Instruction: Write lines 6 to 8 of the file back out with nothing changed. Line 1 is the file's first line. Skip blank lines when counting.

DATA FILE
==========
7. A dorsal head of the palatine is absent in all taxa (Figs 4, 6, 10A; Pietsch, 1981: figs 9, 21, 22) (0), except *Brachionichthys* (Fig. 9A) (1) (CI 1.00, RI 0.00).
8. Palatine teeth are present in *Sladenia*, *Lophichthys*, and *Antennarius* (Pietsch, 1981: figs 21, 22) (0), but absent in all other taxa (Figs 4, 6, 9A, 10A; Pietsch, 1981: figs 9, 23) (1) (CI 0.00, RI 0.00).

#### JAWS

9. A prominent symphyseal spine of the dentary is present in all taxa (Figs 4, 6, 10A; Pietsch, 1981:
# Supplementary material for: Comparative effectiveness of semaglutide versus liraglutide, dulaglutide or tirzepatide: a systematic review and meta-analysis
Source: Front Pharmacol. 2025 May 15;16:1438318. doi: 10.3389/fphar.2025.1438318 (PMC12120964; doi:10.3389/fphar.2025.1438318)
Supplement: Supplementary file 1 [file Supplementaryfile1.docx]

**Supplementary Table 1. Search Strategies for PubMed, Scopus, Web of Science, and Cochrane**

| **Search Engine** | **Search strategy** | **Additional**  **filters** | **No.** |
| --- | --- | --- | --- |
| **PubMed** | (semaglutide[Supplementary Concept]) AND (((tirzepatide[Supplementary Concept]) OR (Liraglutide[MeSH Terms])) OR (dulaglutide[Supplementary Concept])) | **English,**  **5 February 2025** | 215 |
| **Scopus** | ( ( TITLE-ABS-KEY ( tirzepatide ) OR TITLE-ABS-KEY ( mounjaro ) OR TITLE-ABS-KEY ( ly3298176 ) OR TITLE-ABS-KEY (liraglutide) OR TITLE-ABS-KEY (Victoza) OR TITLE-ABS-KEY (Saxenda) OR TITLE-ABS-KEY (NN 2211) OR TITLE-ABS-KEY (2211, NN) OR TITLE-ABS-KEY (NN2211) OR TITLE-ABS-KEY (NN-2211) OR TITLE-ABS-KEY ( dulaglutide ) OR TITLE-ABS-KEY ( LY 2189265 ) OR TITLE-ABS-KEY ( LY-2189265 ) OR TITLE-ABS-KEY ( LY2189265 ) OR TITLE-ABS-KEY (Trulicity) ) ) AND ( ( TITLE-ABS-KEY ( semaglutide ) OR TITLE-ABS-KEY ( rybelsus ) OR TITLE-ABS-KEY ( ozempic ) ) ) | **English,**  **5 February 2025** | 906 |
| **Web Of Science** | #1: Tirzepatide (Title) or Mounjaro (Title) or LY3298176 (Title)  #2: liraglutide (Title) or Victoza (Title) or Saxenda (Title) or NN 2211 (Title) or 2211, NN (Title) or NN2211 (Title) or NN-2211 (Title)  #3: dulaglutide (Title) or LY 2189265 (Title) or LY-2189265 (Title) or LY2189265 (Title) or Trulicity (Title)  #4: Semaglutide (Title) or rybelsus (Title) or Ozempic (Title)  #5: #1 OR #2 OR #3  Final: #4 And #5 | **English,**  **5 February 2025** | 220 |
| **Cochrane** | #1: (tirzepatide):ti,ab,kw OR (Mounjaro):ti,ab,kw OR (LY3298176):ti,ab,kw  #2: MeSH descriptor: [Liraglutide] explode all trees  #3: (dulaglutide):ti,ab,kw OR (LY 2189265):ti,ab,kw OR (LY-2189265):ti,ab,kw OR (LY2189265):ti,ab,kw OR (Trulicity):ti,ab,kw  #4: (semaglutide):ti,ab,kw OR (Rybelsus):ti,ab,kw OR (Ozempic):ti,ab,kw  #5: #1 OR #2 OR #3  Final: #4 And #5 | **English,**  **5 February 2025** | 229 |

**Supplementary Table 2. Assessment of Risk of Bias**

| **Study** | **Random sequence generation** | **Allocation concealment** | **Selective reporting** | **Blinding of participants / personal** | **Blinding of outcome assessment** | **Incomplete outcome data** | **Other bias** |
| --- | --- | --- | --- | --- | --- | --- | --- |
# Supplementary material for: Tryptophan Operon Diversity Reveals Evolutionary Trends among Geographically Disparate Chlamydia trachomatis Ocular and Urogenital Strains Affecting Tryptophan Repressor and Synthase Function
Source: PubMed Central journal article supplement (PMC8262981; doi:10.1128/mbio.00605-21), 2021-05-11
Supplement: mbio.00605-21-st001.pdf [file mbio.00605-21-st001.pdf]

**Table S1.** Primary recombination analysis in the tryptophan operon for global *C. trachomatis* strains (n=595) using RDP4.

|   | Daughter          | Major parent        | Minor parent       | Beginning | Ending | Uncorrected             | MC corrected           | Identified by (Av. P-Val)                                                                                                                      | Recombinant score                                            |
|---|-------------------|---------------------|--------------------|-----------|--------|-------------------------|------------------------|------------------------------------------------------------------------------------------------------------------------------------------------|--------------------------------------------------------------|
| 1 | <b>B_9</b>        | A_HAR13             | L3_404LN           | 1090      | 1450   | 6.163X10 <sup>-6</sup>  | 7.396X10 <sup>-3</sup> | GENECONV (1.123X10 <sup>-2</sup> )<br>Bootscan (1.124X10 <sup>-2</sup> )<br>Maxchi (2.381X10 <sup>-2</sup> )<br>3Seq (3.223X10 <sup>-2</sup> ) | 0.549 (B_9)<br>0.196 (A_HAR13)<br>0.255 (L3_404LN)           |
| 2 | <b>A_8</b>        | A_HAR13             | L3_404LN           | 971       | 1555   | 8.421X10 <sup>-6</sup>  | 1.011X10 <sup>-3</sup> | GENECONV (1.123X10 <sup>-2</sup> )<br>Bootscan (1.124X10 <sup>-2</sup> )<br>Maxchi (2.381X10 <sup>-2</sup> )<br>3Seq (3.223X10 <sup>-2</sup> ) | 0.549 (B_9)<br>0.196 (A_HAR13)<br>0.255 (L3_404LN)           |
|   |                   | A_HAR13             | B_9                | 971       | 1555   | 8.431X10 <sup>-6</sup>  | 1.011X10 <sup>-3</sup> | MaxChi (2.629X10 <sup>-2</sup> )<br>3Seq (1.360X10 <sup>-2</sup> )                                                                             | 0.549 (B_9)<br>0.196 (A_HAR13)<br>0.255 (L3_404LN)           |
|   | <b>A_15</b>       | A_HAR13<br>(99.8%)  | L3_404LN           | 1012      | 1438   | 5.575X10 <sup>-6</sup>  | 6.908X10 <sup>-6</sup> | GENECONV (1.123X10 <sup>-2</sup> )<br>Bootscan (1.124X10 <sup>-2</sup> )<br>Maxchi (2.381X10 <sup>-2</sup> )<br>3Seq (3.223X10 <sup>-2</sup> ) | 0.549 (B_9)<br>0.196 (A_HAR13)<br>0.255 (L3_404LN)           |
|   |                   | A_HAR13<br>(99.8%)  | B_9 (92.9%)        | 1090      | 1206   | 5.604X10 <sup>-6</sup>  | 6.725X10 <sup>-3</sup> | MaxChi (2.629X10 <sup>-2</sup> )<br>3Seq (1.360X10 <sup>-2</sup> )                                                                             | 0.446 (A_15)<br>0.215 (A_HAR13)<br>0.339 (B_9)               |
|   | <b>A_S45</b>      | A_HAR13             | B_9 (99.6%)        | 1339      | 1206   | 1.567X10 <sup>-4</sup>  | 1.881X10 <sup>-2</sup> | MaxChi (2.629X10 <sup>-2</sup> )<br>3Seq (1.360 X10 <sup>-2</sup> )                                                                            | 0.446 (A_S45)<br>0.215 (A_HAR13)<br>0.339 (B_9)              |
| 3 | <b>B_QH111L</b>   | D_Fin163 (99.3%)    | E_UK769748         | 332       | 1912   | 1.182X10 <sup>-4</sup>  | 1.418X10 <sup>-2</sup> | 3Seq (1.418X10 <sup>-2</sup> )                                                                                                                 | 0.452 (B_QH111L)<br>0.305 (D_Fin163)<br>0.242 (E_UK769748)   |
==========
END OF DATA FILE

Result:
Source: Front Pharmacol. 2025 May 15;16:1438318. doi: 10.3389/fphar.2025.1438318 (PMC12120964; doi:10.3389/fphar.2025.1438318)
Supplement: Supplementary file 1 [file Supplementaryfile1.docx]

**Supplementary Table 1. Search Strategies for PubMed, Scopus, Web of Science, and Cochrane**